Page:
Whatever way that curb is added, Cook advised to keep the height to less than 14 inches. Much less than that, though, and the stalls must be bedded more frequently. Although heifers don’t like backing off of a tall curb, “Cows will tolerate 14 inches with a comfortable surface quite well,” Cook said.

Once stalls are converted, the deep bedding has to be managed. “If you don’t deal with it, cows do weird stuff,” he said. “You will lose lying time as cows nest and dig.”

Most farms add new bedding two times per week, while some can bed once a week.

If using manure solids, Cook recommended putting it through a drying process. “It seems to make the material a whole lot better for animal health,” he said. “But there is a cost to drying it.”

If using mattresses, Cook said to look for cushion. This could include rubber and foam.

“Try to provide the softest mattress you can, plus cover it with a lot of bedding,” Cook shared.

The resting space

Design stalls that cows want to be in, and a place where cows can rest without compromising neighboring stalls.

“We now have good data showing that more resting space, wider stalls, longer resting time, and less lameness are worth the investment,” Cook said. Better stall occupancy is a result of creating those individualized resting spaces, he explained.

Limit obstructions to natural movements. This includes space for a cow to lunge and bob when it stands up. Lunge space, he said, is the horizontal movement a cow makes when getting up. The bob space is in front of the stall or to the side, where a cow’s head goes down while the animal is taking weight off its back feet in order to stand up.

Obstructions in stalls can include the brisket locator and stall loops. Having no brisket locator may work fine in stalls with a short platform, but in longer stalls, cows get dirty and challenges arise from that.

“I think we need some kind of brisket locator, but we need to be careful how we design it,” Cook explained.

He recommended that the brisket locator be no more than 4 inches tall. “Anything higher prevents the cow from doing natural front leg movement and makes it more difficult to get up and down. An inch can make a lot of difference to a cow,” Cook said.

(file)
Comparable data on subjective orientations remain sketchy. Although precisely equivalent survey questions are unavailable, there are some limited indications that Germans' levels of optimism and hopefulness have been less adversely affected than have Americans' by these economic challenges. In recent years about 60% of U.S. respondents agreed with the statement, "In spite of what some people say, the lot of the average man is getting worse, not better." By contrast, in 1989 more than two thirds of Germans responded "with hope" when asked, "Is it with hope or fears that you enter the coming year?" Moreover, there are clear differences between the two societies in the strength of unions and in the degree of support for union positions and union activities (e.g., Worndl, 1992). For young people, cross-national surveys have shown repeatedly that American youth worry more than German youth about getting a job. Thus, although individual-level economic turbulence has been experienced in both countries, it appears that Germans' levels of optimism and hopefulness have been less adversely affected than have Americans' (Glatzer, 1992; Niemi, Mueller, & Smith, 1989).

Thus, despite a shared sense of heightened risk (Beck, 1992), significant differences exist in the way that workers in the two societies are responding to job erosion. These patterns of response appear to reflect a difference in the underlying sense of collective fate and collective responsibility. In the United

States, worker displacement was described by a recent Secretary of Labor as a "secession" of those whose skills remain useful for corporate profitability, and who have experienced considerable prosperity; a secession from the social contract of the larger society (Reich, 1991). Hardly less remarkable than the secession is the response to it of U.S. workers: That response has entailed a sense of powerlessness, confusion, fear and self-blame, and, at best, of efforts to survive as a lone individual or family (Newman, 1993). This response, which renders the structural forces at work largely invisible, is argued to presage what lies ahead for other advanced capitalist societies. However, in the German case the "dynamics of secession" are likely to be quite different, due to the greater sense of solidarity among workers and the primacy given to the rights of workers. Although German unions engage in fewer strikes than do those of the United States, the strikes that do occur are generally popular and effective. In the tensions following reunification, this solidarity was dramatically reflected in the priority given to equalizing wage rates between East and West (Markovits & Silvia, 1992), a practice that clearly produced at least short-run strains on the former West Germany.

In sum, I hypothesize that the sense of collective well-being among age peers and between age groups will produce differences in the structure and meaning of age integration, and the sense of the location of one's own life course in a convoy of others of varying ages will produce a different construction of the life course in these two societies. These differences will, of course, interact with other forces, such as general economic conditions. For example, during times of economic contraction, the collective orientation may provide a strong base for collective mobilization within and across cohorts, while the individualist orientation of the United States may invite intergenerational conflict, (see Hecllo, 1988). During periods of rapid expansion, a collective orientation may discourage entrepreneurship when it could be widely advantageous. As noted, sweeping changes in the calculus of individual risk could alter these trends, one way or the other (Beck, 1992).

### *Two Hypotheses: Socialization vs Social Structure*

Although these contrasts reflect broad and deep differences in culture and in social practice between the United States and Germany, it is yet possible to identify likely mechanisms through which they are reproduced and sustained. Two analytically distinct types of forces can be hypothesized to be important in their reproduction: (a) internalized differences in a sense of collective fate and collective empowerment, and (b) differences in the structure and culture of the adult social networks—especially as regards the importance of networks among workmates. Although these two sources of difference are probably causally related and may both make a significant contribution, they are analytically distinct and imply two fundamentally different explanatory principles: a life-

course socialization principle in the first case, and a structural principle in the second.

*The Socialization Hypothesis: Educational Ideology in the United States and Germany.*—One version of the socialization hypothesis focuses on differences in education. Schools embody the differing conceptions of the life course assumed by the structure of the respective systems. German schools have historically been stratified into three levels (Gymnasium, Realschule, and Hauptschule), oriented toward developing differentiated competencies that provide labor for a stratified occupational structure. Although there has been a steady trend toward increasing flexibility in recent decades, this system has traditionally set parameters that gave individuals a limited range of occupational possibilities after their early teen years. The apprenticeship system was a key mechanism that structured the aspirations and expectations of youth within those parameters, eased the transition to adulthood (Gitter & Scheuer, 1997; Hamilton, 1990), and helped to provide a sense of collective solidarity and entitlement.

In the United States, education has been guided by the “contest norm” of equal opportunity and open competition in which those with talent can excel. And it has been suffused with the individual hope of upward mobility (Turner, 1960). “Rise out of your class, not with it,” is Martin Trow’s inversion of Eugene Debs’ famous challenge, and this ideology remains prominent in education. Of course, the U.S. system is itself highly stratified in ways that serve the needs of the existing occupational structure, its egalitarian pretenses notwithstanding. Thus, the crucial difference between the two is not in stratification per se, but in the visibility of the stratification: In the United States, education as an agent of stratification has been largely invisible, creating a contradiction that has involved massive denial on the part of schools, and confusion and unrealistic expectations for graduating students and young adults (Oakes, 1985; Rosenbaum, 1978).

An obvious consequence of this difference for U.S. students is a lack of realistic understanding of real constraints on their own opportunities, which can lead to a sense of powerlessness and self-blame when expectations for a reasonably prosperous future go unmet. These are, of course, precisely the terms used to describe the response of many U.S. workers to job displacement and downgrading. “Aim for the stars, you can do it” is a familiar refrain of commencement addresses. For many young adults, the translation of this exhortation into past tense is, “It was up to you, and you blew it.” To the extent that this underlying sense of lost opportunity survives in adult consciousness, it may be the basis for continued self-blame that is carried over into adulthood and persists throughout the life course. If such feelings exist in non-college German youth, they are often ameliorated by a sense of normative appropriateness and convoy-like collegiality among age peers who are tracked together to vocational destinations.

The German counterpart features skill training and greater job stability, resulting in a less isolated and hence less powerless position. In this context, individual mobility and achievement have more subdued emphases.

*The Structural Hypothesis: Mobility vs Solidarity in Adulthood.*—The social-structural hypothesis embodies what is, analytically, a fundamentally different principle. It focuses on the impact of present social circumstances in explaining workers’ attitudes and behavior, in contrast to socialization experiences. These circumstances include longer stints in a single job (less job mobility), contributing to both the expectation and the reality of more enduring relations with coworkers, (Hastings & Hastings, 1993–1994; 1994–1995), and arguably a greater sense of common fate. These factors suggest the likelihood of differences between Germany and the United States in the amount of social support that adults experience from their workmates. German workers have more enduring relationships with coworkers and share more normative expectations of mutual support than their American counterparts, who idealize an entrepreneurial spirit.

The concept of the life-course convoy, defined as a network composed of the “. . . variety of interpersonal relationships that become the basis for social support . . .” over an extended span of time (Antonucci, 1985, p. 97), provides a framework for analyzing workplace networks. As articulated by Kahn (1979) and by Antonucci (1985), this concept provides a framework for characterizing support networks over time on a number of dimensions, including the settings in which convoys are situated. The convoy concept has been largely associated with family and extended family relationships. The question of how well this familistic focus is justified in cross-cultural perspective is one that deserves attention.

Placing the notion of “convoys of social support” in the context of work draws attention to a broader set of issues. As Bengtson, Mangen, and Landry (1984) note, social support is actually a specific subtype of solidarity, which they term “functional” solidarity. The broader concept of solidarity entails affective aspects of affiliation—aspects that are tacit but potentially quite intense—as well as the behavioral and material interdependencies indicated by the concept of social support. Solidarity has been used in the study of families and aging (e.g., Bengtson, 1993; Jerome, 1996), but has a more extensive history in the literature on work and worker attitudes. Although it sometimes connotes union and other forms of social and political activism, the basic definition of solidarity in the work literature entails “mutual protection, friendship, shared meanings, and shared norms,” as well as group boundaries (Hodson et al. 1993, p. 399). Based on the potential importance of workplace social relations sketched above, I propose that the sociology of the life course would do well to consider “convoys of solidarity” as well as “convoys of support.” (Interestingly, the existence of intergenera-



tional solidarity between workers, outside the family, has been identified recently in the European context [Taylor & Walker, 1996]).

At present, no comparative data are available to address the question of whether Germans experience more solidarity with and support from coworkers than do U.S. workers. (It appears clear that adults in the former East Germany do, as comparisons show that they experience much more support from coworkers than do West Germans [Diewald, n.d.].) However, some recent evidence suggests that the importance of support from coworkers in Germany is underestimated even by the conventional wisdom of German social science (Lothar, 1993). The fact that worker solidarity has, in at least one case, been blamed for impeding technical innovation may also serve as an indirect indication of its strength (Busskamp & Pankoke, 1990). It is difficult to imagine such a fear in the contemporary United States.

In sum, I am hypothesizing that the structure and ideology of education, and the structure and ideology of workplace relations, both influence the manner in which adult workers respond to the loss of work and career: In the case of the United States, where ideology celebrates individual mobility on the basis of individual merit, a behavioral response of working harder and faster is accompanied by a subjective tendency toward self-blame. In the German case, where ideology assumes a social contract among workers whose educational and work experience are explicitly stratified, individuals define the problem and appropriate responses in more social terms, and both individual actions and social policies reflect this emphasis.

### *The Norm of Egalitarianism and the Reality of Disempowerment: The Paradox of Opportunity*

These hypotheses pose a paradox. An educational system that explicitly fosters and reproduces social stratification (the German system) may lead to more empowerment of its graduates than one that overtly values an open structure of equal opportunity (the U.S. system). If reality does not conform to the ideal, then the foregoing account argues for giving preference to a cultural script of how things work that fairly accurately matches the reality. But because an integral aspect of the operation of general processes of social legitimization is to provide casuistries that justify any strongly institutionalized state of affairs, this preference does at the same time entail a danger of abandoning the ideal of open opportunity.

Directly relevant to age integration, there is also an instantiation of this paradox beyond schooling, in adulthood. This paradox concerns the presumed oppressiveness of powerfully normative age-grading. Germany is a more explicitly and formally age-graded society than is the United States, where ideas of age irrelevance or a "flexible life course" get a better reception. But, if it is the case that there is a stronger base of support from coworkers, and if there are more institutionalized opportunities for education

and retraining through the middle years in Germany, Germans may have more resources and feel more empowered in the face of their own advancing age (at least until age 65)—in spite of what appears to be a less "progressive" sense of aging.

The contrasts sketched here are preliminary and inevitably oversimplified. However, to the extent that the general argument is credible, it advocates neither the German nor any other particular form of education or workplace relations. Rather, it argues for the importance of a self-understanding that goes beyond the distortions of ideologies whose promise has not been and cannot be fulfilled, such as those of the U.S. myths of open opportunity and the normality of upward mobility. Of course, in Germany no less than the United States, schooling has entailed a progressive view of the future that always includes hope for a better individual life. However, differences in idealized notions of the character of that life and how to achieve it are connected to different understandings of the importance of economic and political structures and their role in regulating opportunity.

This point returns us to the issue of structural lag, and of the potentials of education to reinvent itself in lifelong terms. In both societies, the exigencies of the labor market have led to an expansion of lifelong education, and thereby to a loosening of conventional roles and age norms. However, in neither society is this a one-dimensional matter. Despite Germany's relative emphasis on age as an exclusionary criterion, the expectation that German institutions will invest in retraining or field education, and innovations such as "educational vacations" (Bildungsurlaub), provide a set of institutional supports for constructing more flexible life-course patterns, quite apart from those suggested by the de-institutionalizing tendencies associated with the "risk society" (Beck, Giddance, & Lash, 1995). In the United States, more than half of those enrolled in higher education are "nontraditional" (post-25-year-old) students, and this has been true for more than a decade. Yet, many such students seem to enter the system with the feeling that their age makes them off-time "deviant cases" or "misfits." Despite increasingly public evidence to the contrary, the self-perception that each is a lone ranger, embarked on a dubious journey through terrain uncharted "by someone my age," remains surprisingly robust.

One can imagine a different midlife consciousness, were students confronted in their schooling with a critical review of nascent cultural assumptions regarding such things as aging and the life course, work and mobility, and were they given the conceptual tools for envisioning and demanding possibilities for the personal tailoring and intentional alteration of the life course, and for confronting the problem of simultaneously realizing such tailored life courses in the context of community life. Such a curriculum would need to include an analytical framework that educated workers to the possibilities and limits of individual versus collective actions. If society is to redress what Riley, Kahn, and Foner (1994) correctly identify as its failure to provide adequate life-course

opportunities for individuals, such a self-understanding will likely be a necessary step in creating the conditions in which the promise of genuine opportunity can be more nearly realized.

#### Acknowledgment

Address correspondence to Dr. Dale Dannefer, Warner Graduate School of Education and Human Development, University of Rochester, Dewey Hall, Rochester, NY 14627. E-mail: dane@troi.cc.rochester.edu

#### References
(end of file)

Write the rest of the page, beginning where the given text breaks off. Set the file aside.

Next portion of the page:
To keep them clean, cows must be positioned appropriately in the stall. “We want to create a big space that the cow is comfortable in, but don’t want it to lie diagonally, get dirty, and get mastitis as a result,” Cook said.

Encouraging cows to lie straight in the stalls is called indexing. Cook said farms can overdo it, though, by adding more metal to the stall, including misplaced stall loops and neck rails.

“We want to index by design, not by restraint. If we do it by restraint, we create injuries and reduce lying time,” he said. Cook recommended the angle of the lower stall divider rail be 20 to 22 inches behind the brisket locator.

The neck rail helps position the cow in the stall when it is standing and has less of an impact on the lying position. Proper standing position limits manure in the back of the stall. In mattress herds, the cow should be able to stand squarely in the stall (with the neck rail placed directly above a properly located brisket locator), while in deep-bedded herds, the neck rail is placed 6 inches closer to the rear curb to avoid contaminating the bedding with manure and urine. Correct neck rail height is about 48 to 50 inches above the stall surface.

A cow should spend half of its day lying in a stall. While there are certainly many aspects of dairy barn design that take careful consideration, the resting space may be one of the most critical elements to get correct.